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Using BIXS just got a whole lot better

If you thought accessing and using the original BIXS program was just okay (or maybe you didn’t think it was really that great), don’t make any further judgments until you check out the new updated version BIXS 2.0.

After wide spread consultation across the industry and a few months of redesign, the new BIXS 2.0 has just been launched. It isBIXS frame simpler, and leaner, and is compatible with just about every other ranch record keeping system that may be out there. And with nearly three million head of cattle in the BIXS data base it is starting to generate the type of information all sectors of the beef industry can use. You can find it at


The original BIXS, which stands for Beef InfoXchange System, was launched a couple years ago. An initiative of the Canadian beef industry, organized through the Canadian Cattleman’s Association, the intent of BIXS is to provide an information exchange about cattle produced by Canadian beef producers. At the cow-calf end, producers can learn how their calves fed and ultimately receive carcass data and grading information. For feeders, packers and even retailers they can use the service to help source cattle that fit specific market needs. It is an information exchange system. All voluntary, all free, and all very confidential. Nobody is going to know your business, but if you use the system, it may help you to grow your business.

To get started all the producer needs is their phone number and their CCIA account ID.

It starts with the individual cow-calf producer who enters information about calves produced in his or her herd into the BIXS on-line program. All that is needed is the animal’s CCIA tag number, date of birth, sex and genetic makeup — is it a Angus, Charolais, Murray Grey or some type of cross. There is a drop-down menu that lets you select a description that best matches your calves. Those are the basics.

Although BIXS itself is not a ranch record keeping system, there is room in the program to add more details such as birthweights, and any processing information that occurred on the ranch — medical treatments, vaccinations, implants and more. That information is all optional, but again for the buyer looking for specific cattle, produced in a specific way, more information can help them find the cattle they want.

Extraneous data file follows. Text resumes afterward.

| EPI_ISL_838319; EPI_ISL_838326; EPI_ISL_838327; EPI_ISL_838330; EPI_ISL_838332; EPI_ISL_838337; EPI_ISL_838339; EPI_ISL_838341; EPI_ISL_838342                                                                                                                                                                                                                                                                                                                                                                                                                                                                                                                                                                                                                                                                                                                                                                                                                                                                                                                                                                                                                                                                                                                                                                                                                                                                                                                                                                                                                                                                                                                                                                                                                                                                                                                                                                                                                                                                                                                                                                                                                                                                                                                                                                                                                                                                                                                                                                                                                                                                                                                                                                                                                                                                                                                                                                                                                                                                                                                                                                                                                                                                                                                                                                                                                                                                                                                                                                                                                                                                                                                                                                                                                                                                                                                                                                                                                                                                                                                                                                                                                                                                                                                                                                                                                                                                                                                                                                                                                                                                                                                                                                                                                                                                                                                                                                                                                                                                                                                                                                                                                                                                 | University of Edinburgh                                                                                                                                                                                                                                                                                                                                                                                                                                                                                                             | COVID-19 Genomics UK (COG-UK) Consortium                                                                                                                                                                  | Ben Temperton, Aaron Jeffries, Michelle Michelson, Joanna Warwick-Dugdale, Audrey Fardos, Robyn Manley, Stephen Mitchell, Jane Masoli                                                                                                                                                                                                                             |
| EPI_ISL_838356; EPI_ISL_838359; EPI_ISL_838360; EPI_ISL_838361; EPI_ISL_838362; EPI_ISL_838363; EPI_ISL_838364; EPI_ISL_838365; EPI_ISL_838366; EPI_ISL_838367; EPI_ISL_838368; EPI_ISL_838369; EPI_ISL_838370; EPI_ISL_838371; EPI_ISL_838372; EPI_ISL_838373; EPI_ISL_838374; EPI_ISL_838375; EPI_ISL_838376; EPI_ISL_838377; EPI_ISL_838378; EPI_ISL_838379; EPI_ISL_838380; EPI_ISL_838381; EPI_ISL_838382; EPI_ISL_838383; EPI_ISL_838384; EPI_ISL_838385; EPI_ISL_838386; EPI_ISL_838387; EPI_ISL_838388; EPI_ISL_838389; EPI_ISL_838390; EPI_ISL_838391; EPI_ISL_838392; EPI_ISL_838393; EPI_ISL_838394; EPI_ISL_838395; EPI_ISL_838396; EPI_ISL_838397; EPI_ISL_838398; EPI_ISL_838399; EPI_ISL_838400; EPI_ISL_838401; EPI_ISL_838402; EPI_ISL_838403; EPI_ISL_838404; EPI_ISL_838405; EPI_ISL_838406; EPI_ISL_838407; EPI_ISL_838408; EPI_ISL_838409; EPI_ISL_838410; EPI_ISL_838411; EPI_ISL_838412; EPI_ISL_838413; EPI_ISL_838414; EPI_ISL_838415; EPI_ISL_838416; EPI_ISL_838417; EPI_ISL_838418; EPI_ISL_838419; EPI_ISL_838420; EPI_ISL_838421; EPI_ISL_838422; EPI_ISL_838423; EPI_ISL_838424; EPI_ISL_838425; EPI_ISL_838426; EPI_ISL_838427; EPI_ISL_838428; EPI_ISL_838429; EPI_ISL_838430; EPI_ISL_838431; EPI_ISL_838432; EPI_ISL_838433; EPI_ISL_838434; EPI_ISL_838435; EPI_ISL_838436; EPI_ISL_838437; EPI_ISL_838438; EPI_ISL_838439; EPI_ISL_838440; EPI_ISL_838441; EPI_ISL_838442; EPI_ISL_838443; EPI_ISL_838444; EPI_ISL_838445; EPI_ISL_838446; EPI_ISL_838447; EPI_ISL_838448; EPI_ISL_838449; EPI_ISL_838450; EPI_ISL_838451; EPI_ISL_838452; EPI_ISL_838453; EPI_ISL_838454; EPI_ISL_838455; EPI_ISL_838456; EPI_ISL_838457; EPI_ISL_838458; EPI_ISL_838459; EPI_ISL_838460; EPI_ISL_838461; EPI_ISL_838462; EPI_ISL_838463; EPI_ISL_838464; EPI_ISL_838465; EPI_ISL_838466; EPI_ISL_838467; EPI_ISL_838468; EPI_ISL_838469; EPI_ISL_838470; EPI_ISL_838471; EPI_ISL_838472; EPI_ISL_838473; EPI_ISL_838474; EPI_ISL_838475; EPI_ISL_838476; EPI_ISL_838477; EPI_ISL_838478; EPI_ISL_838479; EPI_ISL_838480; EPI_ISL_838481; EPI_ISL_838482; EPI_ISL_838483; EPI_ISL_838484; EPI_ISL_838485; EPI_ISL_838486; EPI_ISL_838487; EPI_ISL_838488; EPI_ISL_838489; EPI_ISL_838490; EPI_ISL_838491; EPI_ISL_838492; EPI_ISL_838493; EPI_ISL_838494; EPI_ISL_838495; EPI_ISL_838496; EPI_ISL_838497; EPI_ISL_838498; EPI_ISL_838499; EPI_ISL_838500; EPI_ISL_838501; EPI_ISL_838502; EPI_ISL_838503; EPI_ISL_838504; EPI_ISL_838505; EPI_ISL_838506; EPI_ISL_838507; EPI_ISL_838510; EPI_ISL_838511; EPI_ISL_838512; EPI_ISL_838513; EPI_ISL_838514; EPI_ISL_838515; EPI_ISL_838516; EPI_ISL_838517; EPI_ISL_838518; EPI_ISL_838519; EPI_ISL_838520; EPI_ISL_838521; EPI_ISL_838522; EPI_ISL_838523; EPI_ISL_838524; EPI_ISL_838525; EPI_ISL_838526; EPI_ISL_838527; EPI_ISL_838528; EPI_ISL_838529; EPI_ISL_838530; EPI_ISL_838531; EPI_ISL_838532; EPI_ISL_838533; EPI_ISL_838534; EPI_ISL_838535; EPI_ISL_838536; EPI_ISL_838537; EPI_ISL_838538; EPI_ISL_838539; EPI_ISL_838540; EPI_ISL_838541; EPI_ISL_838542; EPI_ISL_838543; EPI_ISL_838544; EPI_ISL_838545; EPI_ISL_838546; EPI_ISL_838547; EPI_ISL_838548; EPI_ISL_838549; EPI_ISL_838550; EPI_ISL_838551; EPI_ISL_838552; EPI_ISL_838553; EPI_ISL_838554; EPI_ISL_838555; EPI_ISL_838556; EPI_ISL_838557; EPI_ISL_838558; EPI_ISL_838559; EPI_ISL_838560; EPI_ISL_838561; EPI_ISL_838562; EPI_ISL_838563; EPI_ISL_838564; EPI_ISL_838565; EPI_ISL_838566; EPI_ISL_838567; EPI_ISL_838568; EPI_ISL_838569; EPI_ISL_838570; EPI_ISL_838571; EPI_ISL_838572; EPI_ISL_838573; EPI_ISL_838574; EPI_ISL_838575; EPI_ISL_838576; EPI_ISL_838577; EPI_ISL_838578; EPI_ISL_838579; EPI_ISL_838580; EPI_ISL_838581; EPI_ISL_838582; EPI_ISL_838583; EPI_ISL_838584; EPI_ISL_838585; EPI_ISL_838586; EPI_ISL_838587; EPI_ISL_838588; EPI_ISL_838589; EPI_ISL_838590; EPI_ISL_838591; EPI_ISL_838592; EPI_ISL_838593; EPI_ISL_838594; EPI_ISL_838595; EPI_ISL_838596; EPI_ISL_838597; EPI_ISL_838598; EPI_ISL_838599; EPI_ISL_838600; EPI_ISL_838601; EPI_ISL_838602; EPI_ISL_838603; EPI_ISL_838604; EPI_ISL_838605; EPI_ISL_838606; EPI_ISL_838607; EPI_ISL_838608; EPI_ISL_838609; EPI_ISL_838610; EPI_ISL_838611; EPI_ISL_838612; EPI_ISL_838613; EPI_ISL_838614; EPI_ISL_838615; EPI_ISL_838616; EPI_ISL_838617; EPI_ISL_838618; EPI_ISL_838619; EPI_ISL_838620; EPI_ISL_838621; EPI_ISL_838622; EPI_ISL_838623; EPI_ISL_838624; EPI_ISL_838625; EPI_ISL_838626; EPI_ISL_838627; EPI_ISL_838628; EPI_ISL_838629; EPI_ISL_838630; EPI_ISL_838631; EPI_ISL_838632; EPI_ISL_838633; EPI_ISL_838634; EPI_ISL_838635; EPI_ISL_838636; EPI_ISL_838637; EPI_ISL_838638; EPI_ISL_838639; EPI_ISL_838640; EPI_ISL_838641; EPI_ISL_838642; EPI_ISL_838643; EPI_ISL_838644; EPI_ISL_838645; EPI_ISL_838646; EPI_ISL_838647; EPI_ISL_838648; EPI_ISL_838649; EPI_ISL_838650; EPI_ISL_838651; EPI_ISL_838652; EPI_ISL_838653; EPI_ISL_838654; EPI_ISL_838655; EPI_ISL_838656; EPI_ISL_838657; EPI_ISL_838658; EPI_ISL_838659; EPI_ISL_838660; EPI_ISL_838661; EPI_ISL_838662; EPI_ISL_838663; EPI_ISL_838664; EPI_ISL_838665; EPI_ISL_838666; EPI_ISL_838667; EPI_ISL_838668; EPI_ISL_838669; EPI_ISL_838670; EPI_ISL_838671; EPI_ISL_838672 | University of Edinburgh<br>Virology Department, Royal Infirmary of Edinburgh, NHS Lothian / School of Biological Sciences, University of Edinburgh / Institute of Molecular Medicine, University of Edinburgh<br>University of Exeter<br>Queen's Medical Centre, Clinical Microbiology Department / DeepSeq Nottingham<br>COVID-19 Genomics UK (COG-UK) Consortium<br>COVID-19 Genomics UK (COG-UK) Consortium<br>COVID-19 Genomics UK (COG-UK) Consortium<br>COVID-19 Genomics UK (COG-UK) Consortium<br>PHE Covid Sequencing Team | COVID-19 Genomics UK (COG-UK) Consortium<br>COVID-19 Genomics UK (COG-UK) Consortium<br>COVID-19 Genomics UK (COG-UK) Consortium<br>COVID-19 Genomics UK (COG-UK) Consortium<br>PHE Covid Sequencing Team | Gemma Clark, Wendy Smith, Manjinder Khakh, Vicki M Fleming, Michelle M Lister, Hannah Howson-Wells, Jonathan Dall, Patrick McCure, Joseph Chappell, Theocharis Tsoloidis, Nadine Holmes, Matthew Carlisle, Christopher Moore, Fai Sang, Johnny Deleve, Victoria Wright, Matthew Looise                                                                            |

Once the basic information is entered at the farm level, that record stays with the animal through the rest of the production chain— through to the feedlot and then to the packer. Those last two sectors enter information on each animal into BIXS as well. Ultimately, the cow-calf producer will receive back grading and carcass quality information on calves produced on his or her farm 18 months earlier.


It could just be “nice to know” information, but it can also be used to analyze your breeding program. How many AAA or AA carcasses did your calves produce? What were the marbling and ribeye scores? How were their carcass yields? It could point to some changes to make in your breeding program, or it could just confirm that you are doing a pretty good job.

As Larry Thomas, national coordinator of BIXS, points out the industry is starting to see more drive from the packer and retailer/food service sectors as those players look for cattle to fit market needs. A & W Restaurants for example is working with all natural beef. A major B.C. food retailer is working the BC Cattleman’s Association to source all natural beef. McDonalds is another very image conscious food service company concerned about quality and production practices. A new free-trade agreement between Canada and the European Union could open the door for cattle produced under specific protocols.

These end users, and for more to follow, can all use BIXS to go back through the production chain to find the cattle they need, or even to put out the word to get cow-calf producers and feeders producing cattle for specific markets. Again here is the emphasis on the “information exchange” aspect of BIXS.

Feeders, packers, food retailers and even auction markets can all make blind inquiries through BIXS looking for specific types of the cattle, or certain production practices. Individual producer identity is protected. However, if an inquiry is made, administrators of the BIXS program can alert producers who may have cattle that meet those specs, and then it is left to the producer to decide if he or she wants to connect with the buyer who made the inquiry.

The new BIXS 2.0 is much easier and more simplified to use. The old adage is that information is power. BIXS is the only information exchange system of its kind in the world bringing power to all sectors of the Canadian beef industry to produce cattle for an ever-changing marketplace — you just have to use it.

Lee Hart is editor of Cattleman’s Corner based in Calgary. Contact him at 403-592-1964 or by email at [email protected]












About the author

Field Editor

Lee Hart

Lee Hart is editor of Cattleman’s Corner based in Calgary.


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